Joe Flacco sat near Brett Favre and Matt Hasselbeck and didn't flinch. He didn't appear intimidated and he held his own while joking with the star quarterbacks.
Flacco appeared at a quasi-roast for Favre on Friday. One day later, the spotlight was to shift to the NFL draft, and neither the former Green Bay quarterback or the Seattle signal-caller would be a topic.
But Flacco was expected to be. He is the rising QB in this year's crop, a Division I-AA product from Delaware with a bazooka arm, a calm presence and a ton of leadership.
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Flacco has been projected to go anywhere from late in the first round Saturday to early second round. Speculation has had the likes of the Packers (No. 30 overall), or Dolphins, Falcons, Ravens and Chiefs in the second round selecting him.
He's not worrying about the uncertainty of the draft and where he might wind up.
"Last year at this point, I said I would be happy to be a draft pick, and that hasn't changed," The 6-foot-7, 236-pound Flacco said. "All I wanted was the opportunity to be in the NFL, the opportunity that I have now. Just the chance.
"I know whoever picks me wants me."
It would be hard not too want a quarterback with his college success. Flacco led Delaware to the national championship game, where it lost to Appalachian State.
He comes out of perhaps the best conference in small college football, the Colonial. He left Pittsburgh after two years, transferring to the only school where he could play immediately — and immediately made an impact.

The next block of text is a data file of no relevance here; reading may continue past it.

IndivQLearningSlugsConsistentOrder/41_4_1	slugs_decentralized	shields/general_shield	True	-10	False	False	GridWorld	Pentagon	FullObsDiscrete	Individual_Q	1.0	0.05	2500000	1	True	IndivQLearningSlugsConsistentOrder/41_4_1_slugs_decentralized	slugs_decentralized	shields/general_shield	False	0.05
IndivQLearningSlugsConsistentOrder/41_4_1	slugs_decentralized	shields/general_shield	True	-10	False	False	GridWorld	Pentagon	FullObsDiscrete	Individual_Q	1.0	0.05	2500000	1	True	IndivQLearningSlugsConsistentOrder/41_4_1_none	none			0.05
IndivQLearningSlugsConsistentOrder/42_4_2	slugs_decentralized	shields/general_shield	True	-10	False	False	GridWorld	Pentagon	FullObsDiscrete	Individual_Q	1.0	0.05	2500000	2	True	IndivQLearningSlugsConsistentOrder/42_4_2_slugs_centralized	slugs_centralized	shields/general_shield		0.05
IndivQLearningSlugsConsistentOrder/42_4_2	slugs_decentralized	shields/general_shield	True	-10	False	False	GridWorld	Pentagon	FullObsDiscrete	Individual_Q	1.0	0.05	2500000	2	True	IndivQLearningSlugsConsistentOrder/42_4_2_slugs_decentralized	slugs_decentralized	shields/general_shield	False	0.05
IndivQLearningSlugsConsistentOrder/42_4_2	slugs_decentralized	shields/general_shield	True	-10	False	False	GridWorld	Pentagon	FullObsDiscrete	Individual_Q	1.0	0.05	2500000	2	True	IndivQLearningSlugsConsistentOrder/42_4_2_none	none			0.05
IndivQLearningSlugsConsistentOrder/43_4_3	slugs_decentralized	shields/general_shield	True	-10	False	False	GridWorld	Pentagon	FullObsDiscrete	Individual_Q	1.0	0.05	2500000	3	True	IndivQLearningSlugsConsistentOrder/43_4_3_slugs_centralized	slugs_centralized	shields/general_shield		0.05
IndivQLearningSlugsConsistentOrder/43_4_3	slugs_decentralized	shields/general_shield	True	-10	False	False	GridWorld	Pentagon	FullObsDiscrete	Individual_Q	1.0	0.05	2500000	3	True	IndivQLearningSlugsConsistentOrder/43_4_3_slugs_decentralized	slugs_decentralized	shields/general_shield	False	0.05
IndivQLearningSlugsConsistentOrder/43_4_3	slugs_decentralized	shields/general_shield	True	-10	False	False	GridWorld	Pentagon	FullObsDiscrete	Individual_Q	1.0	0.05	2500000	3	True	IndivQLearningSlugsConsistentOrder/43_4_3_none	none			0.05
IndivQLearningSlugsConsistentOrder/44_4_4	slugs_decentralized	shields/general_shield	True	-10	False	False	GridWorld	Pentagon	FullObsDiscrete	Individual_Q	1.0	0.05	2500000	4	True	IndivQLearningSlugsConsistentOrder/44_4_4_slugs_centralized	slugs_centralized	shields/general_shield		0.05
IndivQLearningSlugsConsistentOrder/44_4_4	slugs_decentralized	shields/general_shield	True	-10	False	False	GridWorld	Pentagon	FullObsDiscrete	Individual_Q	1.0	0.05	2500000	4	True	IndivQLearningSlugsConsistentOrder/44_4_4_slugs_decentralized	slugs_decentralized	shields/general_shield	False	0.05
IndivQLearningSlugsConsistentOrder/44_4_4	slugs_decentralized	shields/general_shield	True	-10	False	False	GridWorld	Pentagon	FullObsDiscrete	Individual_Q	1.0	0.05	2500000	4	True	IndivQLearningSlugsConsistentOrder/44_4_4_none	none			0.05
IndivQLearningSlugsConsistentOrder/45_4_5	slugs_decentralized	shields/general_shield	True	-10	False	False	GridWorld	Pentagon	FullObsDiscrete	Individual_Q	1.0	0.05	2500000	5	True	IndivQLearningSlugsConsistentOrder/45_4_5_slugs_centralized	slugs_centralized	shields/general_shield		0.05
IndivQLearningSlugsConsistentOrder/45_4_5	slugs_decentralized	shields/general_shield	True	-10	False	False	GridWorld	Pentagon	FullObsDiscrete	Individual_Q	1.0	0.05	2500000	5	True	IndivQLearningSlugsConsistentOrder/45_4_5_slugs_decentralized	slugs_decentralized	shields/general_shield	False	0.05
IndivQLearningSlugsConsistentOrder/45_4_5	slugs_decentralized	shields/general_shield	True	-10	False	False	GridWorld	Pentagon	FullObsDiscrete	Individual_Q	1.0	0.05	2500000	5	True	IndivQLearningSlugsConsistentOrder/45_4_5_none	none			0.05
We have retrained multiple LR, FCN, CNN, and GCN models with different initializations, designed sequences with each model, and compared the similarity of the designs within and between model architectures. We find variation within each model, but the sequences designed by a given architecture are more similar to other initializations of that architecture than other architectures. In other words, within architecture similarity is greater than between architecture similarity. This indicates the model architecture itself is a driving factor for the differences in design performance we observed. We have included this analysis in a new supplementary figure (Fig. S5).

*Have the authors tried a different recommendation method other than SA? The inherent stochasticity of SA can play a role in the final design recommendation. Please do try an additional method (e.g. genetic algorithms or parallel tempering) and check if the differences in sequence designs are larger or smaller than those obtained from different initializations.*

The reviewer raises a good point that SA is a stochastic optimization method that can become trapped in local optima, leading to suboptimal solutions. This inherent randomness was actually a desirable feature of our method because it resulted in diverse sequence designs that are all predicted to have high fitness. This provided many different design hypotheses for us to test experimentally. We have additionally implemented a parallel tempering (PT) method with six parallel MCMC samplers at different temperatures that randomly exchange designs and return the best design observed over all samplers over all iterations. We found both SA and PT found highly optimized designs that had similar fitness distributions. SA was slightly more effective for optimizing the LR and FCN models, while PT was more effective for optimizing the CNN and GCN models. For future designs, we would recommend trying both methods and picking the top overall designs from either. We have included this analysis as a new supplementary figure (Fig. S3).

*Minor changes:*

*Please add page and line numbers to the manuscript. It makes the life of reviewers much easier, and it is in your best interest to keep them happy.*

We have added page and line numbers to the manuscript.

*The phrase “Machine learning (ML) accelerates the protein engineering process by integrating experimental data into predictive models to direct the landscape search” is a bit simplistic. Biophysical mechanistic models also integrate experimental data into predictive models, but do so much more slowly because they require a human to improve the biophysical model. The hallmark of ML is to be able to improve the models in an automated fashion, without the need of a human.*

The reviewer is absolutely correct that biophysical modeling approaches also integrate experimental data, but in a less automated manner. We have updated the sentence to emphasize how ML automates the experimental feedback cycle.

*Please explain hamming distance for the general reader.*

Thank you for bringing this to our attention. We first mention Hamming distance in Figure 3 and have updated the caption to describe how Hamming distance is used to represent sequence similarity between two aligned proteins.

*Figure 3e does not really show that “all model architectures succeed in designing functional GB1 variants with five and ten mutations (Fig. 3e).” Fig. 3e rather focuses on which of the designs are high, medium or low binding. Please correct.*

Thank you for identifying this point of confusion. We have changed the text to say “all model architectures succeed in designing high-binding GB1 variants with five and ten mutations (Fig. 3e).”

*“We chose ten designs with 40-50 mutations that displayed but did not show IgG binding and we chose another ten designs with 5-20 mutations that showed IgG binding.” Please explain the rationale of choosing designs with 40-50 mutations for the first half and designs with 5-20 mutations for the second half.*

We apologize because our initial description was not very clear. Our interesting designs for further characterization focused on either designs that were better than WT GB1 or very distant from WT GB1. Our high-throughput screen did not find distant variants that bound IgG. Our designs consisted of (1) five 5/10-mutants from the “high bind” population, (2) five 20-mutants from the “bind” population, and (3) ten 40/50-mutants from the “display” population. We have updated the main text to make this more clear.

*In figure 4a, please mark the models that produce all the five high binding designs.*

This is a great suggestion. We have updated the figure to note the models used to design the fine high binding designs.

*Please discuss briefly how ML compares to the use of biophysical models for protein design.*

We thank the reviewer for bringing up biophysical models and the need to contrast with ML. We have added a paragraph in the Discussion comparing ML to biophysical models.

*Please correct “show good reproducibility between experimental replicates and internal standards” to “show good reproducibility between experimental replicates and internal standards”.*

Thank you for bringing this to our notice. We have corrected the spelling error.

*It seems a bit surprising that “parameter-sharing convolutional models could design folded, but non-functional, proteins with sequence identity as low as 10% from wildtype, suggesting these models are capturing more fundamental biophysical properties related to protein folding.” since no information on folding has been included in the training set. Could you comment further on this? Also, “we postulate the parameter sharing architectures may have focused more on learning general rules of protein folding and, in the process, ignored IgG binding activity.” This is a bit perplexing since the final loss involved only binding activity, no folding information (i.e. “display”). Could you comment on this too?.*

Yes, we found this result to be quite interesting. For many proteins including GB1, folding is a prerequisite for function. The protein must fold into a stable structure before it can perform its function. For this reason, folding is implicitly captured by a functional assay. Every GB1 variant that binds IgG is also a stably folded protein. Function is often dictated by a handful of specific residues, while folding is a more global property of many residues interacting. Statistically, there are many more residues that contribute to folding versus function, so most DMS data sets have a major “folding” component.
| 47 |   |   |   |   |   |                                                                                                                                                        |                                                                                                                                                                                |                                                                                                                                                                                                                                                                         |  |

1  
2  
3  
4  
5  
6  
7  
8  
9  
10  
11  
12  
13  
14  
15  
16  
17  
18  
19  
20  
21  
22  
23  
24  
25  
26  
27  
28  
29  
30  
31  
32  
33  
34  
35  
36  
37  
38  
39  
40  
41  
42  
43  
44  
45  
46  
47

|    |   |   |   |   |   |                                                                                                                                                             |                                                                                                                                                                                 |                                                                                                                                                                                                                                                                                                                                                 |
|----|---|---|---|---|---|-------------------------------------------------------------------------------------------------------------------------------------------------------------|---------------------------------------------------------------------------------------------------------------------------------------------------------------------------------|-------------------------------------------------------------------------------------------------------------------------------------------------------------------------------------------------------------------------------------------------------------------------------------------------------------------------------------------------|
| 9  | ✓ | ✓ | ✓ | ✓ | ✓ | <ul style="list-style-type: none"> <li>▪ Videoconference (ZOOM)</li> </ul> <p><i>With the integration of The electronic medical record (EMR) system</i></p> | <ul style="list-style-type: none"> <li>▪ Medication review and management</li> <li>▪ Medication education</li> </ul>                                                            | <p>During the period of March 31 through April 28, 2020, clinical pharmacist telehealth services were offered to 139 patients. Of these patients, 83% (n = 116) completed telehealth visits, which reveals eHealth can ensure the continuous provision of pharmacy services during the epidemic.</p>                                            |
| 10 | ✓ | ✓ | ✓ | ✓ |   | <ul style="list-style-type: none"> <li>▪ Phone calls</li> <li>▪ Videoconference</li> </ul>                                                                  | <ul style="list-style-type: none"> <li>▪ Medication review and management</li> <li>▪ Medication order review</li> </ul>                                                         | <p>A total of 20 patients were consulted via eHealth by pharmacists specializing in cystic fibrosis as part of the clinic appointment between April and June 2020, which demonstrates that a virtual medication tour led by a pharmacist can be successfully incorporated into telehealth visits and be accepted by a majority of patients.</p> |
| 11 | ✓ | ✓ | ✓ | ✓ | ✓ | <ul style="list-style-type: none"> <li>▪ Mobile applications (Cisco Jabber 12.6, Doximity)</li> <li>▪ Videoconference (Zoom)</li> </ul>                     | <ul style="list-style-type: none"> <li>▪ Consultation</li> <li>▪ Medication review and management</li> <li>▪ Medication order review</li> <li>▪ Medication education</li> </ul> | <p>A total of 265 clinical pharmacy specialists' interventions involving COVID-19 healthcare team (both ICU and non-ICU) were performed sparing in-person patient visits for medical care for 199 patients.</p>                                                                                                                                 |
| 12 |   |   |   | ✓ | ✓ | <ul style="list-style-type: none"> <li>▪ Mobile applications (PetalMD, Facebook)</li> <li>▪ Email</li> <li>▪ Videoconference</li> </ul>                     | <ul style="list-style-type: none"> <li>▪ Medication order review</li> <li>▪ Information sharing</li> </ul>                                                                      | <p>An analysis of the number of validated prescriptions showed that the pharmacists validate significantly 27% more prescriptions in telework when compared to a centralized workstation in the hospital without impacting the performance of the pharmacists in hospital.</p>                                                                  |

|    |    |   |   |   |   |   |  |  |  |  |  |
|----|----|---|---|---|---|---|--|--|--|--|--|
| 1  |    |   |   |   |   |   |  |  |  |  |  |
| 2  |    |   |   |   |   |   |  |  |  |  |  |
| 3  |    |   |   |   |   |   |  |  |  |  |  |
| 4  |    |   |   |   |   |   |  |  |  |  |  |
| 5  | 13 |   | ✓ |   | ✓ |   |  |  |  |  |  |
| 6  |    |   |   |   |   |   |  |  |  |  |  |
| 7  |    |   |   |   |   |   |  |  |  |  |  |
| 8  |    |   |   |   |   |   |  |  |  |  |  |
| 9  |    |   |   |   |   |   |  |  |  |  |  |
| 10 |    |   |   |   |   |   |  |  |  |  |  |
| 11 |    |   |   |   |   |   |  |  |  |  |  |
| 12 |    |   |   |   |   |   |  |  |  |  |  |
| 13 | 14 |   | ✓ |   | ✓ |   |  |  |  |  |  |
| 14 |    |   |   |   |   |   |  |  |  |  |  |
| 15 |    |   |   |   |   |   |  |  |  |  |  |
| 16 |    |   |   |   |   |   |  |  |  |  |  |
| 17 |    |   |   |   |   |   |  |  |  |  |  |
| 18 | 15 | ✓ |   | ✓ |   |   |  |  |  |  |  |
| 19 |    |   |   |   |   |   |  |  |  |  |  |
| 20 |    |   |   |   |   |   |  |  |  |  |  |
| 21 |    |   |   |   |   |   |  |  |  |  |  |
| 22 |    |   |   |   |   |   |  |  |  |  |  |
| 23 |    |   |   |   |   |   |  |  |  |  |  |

Flacco emphasizes that he was not exactly playing Division II NAIA ball in college.
"Most people don't seem worried about the level of competition because they understand it is strong," he said. "My situation, they don't look down at it too much. We played against a lot of good teams in a conference that is darn good and is deep. We played Appalachian State, which has won three (straight) championships.
"Teams in the CAA are similar in talent, and the NFL is like that. We were able to play mistake-free and win games every week ... some big games, and you are not playing any teams a lot worse than you."
Among the concerns about Flacco is that he played in a shotgun system at Delaware; he didn't stick around to fight for a job at Pitt, where he was beaten out by Tyler Palko, now with the Saints; and that he has not played against complicated defenses.
But at the NFL combine and in personal workouts, Flacco was so impressive that some teams rate him higher than Louisville's Brian Brohm and Michigan's Chad Henne, the other QBs likely to be chosen after the top-rated passer, Matt Ryan of Boston College.
Several NFL personnel directors and scouts have cited Flacco's composure as a strength. Flacco agrees.
"A lot of things go on that are positive or negative in a game and my demeanor (is an asset)," he said. "The rest of the guys in the huddle have to have confidence you can do it.
"I'm a small-school kid, but don't think I have anything to prove to myself. But if people say I have something to prove, I'll go out and play football and prove it."